A Look into the Future of Alternative Energy
Alternative energy advocates unveiled elaborate visions of what green energy could mean for South Carolina’s future during a climate change conference last week at South Carolina State University.
State and educational officials advocated for hydrogen, wind, biofuels, switchgrass and nuclear as potential options for South Carolina to reduce its dependence on foreign oil.
But with the exception of nuclear, the alternative energy proponents failed to mention what role, if any, private enterprise would play in helping the state’s consumers embrace a future less dependent on fossil fuels.
This is unfortunate, because as we’ve already seen in South Carolina, government’s efforts at picking winners and losers when it comes to developing energy sources leaves something to be desired.
At least $40 million in state and local tax dollars, if not considerably more, have been spent over the past five years in the Midlands to establish a USC research base in hydrogen fuel cells and create a cottage fuel-cell industry for the Columbia area. That figure doesn’t include additional millions in tax dollars spent in Aiken, Clemson and Orangeburg.
In return, a little more than 200 jobs have been created. In addition, we’re talking about a technology with a significant downside.
“A hydrogen car is one of the least efficient, most expensive ways to reduce greenhouse gases,” according to Joseph Romm, a physicist who headed renewable energy research in the Carter administration. Asked when hydrogen cars will be broadly available, Romm replied: “Not in our lifetime, and very possibly never.”
Earlier this year, The Los Angeles Times was even blunter in its assessment of the future of hydrogen-powered vehicles: “Hydrogen fuel-cell technology won’t work in cars. … Any way you look at it, hydrogen is a lousy way to move cars.”
And it’s not necessary, added The Times: “Fuel-cell technology has been eclipsed by vastly cheaper, here-now advances in batteries and plug-in electric vehicles. To knit together even the barest network of H2 refueling stations would cost billions. And, in any case, the fuel itself, whether produced by cracking natural gas or hydrolyzing water … represents a horrible energy return on investment.”
The idea of converting switchgrass and other agriculture byproducts into ethanol is another concept that sounds great in theory but has proven financially impractical.
The challenge facing researchers is breaking down tough cell walls to get at the sugar in plants to turn it into fuel.
“The problem with cellulosic ethanol made from plants is that it’s made of sugar, but it’s not accessible,” said attorney Todd Taylor, who leads a biofuels group at his law firm and contributes to publications such as Ethanol Producer magazine. “Finding the technologies to do it has been expensive,” he told The Contra Costa (Calif.) Times earlier this year.
Wind as an energy source is actually being used in other parts of the world, but it’s not the panacea some are making it out to be.
Because of South Carolina’s climate, offshore wind turbines are the only option for consistent power generation. But offshore turbines come with obstacles:
They are expensive because their foundations, which require undersea cabling, integration, etc., are much more costly than those built on land and must be designed to handle both wind forces and wave forces. In Europe, countries pay significantly more for power from offshore wind than onshore;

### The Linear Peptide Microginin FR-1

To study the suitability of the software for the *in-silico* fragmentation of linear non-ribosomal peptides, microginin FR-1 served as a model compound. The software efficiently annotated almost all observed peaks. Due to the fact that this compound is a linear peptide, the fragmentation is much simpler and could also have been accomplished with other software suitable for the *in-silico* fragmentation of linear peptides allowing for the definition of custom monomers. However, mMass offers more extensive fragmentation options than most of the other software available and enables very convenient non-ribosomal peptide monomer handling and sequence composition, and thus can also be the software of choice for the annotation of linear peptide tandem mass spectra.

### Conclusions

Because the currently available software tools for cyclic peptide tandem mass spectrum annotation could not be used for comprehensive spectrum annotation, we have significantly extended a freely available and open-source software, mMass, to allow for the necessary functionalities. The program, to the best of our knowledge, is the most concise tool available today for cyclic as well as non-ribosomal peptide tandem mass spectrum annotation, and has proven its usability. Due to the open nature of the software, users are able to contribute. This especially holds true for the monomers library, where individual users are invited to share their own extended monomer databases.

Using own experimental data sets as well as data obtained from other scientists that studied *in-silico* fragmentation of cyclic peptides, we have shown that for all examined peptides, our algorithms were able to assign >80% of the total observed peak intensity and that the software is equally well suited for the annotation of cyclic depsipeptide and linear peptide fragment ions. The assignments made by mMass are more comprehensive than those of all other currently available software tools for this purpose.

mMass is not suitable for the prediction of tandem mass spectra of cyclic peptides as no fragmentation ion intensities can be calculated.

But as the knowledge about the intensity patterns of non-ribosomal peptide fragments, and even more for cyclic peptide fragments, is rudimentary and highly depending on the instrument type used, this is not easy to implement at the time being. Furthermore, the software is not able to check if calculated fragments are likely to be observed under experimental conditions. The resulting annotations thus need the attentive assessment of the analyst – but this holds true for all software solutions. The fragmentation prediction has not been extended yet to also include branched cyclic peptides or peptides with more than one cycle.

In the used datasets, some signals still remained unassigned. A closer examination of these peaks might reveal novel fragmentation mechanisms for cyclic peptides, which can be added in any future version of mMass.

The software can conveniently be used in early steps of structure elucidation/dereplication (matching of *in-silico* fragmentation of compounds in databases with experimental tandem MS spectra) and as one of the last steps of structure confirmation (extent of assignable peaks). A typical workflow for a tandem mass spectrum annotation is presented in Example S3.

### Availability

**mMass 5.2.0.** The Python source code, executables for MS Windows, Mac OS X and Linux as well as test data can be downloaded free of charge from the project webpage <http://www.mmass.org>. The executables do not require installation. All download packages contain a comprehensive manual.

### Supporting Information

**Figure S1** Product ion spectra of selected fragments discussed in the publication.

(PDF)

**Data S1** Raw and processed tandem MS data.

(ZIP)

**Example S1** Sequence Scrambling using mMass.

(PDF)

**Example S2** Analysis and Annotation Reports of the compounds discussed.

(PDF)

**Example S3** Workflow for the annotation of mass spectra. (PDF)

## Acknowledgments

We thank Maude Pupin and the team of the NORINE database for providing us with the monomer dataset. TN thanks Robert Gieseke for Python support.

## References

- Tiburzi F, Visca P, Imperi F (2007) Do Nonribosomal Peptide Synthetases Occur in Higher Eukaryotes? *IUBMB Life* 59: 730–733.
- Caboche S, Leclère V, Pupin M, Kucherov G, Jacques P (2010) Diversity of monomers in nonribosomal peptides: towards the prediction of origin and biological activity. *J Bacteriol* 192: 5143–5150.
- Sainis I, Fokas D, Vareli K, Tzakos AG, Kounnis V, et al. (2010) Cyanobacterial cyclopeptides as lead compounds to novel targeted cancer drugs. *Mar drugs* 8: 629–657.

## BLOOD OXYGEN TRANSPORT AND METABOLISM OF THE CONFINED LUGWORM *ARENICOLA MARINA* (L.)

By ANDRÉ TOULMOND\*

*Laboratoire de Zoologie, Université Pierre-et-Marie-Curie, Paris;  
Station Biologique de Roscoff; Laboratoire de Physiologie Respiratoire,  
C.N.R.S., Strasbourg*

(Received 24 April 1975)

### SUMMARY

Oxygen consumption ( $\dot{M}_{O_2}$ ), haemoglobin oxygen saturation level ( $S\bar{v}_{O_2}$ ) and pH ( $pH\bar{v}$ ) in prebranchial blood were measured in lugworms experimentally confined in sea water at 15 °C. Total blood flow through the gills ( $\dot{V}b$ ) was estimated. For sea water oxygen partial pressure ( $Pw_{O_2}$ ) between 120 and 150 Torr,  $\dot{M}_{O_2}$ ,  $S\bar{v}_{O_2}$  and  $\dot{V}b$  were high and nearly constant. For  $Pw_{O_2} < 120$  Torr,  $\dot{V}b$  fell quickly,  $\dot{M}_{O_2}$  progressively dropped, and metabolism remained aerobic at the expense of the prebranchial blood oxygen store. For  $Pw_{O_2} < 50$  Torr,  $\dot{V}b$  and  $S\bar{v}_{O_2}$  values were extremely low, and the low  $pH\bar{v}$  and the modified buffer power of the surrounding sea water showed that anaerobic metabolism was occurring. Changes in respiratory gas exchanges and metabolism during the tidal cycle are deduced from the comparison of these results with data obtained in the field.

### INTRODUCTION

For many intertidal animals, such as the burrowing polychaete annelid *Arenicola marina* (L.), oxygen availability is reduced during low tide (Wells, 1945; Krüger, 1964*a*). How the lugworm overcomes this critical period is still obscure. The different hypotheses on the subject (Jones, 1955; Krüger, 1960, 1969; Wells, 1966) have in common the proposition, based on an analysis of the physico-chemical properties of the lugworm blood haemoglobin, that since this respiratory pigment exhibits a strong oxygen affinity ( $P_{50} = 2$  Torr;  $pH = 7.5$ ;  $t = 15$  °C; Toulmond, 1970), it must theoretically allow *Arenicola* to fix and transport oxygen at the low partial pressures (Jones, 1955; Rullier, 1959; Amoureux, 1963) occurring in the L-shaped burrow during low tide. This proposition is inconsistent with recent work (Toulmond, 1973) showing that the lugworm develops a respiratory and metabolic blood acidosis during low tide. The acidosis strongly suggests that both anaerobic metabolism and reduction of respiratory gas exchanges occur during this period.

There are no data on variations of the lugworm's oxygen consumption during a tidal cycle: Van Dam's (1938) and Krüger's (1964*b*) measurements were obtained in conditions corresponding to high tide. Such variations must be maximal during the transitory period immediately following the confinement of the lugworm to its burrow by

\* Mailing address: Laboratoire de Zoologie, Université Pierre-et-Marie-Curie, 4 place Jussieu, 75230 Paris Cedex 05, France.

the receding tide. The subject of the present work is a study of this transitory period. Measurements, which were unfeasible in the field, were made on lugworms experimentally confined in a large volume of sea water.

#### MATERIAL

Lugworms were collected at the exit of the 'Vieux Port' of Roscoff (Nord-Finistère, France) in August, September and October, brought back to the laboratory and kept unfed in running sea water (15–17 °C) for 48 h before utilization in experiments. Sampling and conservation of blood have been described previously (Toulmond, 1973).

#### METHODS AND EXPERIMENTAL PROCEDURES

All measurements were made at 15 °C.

Wind farms provide negligible useful electricity and make negligible reduction to emissions from power generation, according to UK energy expert Richard Courtney;
Wind farms are extremely inefficient, costly and noisy. To produce the same amount of electricity as a 1,000 MW coal plant, a comparable wind farm would need 150,000 acres. A viable off-shore site would likely require 100 square miles of water surface, likely one to two miles off the coast.
Despite the multibillion dollar expenditure of taxpayer funds by government and the “renewable energy” industry during the past 35-plus years into wind, the results have proven disastrous in economic terms, according to The Virginia Land Rights Coalition.
“The Department of Energy and other federal and state agencies have spent over $40 billion on ‘energy research and development’ and subsidies, not including private R&D costs, yet virtually nothing has been ‘developed’ that is technologically, economically or environmentally sound,” according to a report by the organization.
With private companies scared off from investing in wind power in South Carolina, the federal government is actually spending money to make the idea of offshore wind turbines more palatable. The S.C. Energy Office was recently awarded $109,000 by the federal government to help generate “market acceptance” for offshore wind energy development in South Carolina and Georgia.
“State and federal officials believe that a concerted, multi-faceted effort from various statewide stakeholders will be necessary to obtain public support for offshore wind energy development along the coasts of South Carolina and Georgia,” according to a release by the agency.
Biofuels are another potential energy source touted at the conference. But reality has yet to catch up to projections.
Biofuels are produced by combining vegetable oils or animal fats with an alcohol such as methanol or ethanol and a catalyst. That mixture can then be used to power vehicles. But using soybean oil or chicken fat to produce biodiesel is expensive, much more so than traditional fossil fuels.
One of the alternatives mentioned at the conference entails converting algae into ethanol or biodiesel. However, converting algae into oil is still prohibitively expensive. Fuel from algae costs anywhere from $10 to $100 a gallon now, according to Al Darzins, a manager at the National Bioenergy Center at the National Renewable Energy Lab in Golden, Colo.